Breaking marketing’s rules and livin’
The traditional concept of ‘an industry’ is crumbling away. It presents the perfect opportunity for breaking the rules of marketing and livin’. By Dave Duarte. From Mark Magazine (Blueprint Issue, Pages 6 & 7)
I often have people come up to me, people who have successful businesses, who say: “I’m really good at what I do, but I’m bad at marketing.”
To which I often reply: “How do your customers feel about you? How do new customers get to hear about your business most of the time?” Then these people – the down-to-earth, short-sleeved, checked-shirt tucked into jeans, not-stylish-but-practical type – usually respond: “They’re happy, but word-of-mouth seems to be the main way we get customers.”
Of course, professional marketers know that word-of-mouth promotion is not easy to pull off, and you generally need to be doing something remarkable if people are going to be making, well, remarks about your business.
The point is these checked-shirt chaps wouldn’t be doing as well as they are if their marketing weren’t up to scratch. They wouldn’t have relevant products or services and their innovations would be out of touch with what people need or want. Marketing is fundamental to what a business does, and whether you have a marketing department or not – if you’re kicking ass and people are paying you for it, then you’re marketing.
Let’s take a step back though, and just clarify what I mean by “marketing”. In the most fundamental sense of the word, “marketing” is making sure that people will buy whatever it is that you produce – ensuring that there’s a market for it. It doesn’t require a department in order for it to happen. In fact, it gets better when it’s more of a mindset than a job title.
If you went to marketing school, you probably would have been taught about the 4 Ps of the Marketing Mix: Product, Price, Place and Promotion. All are fundamentally important, especially, as the Dalai Lama once pointed out: “You have to know the rules in order to break them properly”.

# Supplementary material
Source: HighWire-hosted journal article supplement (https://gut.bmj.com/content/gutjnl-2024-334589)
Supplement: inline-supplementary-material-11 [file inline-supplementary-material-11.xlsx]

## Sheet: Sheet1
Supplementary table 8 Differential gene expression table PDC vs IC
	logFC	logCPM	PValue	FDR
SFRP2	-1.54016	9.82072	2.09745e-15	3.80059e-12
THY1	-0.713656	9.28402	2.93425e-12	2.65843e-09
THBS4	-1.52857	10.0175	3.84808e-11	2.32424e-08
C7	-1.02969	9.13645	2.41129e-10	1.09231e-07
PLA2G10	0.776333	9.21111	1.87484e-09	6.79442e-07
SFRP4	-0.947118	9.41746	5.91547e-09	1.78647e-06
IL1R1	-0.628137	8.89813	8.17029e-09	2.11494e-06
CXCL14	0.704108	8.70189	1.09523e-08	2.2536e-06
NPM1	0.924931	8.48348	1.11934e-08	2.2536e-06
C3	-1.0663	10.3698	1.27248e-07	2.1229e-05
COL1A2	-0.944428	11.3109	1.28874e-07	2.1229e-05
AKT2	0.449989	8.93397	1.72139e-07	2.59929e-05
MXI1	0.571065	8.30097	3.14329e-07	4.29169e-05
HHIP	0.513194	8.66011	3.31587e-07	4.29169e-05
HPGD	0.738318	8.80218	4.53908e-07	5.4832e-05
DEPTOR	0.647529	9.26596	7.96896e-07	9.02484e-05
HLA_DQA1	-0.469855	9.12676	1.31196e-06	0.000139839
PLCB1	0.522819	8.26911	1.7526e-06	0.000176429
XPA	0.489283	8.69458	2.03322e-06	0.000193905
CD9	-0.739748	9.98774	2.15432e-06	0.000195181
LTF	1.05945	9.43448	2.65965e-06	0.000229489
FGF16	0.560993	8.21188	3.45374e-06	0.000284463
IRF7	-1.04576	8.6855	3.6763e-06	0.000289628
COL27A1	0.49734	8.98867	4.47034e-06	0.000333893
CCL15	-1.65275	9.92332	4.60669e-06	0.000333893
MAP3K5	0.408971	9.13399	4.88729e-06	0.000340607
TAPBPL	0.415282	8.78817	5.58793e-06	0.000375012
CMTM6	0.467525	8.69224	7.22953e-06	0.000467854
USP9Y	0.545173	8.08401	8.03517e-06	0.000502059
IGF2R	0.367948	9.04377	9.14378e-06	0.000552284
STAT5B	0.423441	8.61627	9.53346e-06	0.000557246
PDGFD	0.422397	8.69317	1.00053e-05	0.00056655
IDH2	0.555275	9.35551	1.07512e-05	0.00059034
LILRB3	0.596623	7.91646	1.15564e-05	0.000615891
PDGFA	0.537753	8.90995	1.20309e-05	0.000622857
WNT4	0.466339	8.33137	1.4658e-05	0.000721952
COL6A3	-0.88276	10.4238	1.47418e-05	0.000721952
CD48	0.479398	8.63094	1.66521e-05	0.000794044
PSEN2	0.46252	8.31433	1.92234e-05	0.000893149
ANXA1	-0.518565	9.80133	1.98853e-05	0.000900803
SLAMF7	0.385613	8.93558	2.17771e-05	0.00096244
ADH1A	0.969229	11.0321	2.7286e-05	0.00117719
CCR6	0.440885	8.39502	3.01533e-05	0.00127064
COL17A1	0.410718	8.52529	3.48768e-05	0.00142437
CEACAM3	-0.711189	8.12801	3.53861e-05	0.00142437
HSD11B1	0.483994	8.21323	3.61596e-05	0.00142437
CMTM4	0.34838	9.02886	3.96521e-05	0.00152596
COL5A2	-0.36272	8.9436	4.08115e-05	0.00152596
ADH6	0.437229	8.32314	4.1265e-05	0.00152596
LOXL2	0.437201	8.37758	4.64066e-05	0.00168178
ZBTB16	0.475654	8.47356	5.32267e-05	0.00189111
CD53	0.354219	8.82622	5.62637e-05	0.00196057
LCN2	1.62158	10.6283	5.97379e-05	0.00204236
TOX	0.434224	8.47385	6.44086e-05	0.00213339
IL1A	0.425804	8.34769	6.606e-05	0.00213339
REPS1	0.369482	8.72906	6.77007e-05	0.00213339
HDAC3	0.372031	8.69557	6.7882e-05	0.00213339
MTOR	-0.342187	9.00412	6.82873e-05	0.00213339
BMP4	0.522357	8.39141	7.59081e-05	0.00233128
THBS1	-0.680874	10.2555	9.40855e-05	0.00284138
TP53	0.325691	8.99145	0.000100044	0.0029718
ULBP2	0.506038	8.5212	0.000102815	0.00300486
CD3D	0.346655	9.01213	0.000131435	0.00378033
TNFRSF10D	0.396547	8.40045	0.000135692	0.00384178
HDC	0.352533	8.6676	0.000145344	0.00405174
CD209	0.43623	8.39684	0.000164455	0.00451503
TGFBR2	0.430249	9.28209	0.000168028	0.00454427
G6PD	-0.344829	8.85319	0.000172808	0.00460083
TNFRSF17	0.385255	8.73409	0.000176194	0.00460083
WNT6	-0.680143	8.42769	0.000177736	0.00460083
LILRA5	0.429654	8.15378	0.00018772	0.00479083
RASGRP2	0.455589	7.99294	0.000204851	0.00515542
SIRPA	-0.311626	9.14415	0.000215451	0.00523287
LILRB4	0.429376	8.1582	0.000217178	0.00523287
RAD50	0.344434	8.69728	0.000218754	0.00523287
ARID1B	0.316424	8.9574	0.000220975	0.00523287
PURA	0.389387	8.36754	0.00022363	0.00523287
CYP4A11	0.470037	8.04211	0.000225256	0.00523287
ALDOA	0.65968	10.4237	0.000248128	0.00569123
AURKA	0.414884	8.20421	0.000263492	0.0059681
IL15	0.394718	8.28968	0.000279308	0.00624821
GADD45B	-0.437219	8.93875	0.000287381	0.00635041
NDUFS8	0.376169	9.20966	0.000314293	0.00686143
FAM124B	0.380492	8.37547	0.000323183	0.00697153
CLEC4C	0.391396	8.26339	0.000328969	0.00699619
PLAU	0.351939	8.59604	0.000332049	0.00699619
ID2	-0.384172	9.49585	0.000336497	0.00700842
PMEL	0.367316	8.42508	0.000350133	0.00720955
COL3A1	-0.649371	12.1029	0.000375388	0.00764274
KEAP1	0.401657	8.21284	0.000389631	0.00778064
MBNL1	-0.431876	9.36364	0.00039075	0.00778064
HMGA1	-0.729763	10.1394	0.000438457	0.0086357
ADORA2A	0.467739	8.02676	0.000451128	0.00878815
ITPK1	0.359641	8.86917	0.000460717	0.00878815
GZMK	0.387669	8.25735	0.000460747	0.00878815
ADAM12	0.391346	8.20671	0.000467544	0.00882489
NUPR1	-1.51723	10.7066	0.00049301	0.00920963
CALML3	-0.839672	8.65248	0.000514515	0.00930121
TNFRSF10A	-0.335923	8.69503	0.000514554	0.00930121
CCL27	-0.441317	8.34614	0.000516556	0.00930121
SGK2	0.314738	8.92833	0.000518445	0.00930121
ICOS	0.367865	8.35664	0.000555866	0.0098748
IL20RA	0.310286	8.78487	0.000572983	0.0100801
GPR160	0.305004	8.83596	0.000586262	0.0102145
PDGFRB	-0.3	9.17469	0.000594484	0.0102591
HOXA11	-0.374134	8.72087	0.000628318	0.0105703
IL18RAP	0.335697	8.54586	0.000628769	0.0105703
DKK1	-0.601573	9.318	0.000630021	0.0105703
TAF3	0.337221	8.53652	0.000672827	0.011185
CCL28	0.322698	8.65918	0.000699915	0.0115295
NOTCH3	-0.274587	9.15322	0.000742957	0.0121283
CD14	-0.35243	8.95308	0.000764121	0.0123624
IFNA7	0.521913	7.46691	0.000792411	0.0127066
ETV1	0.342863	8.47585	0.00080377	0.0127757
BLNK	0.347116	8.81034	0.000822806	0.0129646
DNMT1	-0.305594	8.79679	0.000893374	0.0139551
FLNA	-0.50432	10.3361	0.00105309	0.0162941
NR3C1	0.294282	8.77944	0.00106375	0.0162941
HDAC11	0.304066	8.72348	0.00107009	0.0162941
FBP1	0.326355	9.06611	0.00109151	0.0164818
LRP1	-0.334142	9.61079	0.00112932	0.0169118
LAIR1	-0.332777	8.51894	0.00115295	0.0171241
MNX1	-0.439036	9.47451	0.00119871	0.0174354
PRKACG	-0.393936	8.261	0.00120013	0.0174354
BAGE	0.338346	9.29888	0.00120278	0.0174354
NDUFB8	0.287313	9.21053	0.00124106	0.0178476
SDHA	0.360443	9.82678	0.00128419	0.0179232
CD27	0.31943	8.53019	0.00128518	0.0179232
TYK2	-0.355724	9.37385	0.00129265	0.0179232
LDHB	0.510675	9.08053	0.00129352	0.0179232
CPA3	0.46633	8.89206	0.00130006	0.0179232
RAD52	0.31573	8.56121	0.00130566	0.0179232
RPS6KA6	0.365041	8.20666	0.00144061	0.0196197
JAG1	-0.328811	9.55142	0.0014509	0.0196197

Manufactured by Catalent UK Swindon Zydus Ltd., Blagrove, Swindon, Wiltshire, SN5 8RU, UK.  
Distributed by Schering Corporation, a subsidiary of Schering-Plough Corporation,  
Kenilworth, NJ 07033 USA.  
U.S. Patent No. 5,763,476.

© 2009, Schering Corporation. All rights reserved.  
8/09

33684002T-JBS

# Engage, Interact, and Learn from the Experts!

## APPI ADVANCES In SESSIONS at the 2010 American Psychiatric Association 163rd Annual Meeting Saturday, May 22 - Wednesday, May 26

What I find interesting is that marketing tends to be more effective the less conventional it is. I’m not talking about advertising here, but marketing as a whole – the Mix, if you will. Its champions are those mavericks who break the rules, don’t follow the established order of things, and make decisions based on original insights about their customers, rather than broadly acceptable “best practices” for their industry.
The fact that benchmarking is becoming less relevant is perhaps indicative of the fact that our traditional concept of “an industry” is crumbling. It is becoming difficult to pigeonhole the best performing new businesses into an “industry” and still understand them properly. For example, is Google in the “internet industry”, the “media industry” or the “search industry”? Depending on how you look at it, each has different norms, benchmarks and best practices. In fact, as with most market leaders, it’s in a category of its own and defines its own industry.
Is Aston Martin in the business of creating vehicles to get people from point A to point B, or are they in the dream fulfillment business? Furthermore, with a product or experience of that level of exclusivity, I’d venture to say their customers are not just those who buy their cars, but those who buy their vision too.
One of the truest things I’ve heard recently is that because of the cornucopia of new products and services we all have access to, we’re moving from an era of finding customers for our products to an era of finding products for our customers.
So, a blueprint, which I base on the principles of Evidence Based Management:
# Face the hard facts, and build a culture in which people are encouraged to tell the truth, even if it is unpleasant.
# Be committed to getting the best evidence about and from your customers and use it to guide actions.
# Look for the risks and drawbacks in what experts recommend – most medicines have side-effects.
# Avoid basing decisions on uncritical “benchmarking” of what winners do.
# Treat your organisation as an unfinished prototype. Learn by doing.
Often, breaking the rules is the only way to ensure that you aren’t engulfed in the brutal competition of statically defined market categories. So, know the marketing rules, but more importantly: be prepared to rewrite them for your particular context.
– Dave Duarte is an internet and mobile marketing consultant for Huddlemind Labs. You can catch him on Twitter at: www.twitter.com/DaveDuarte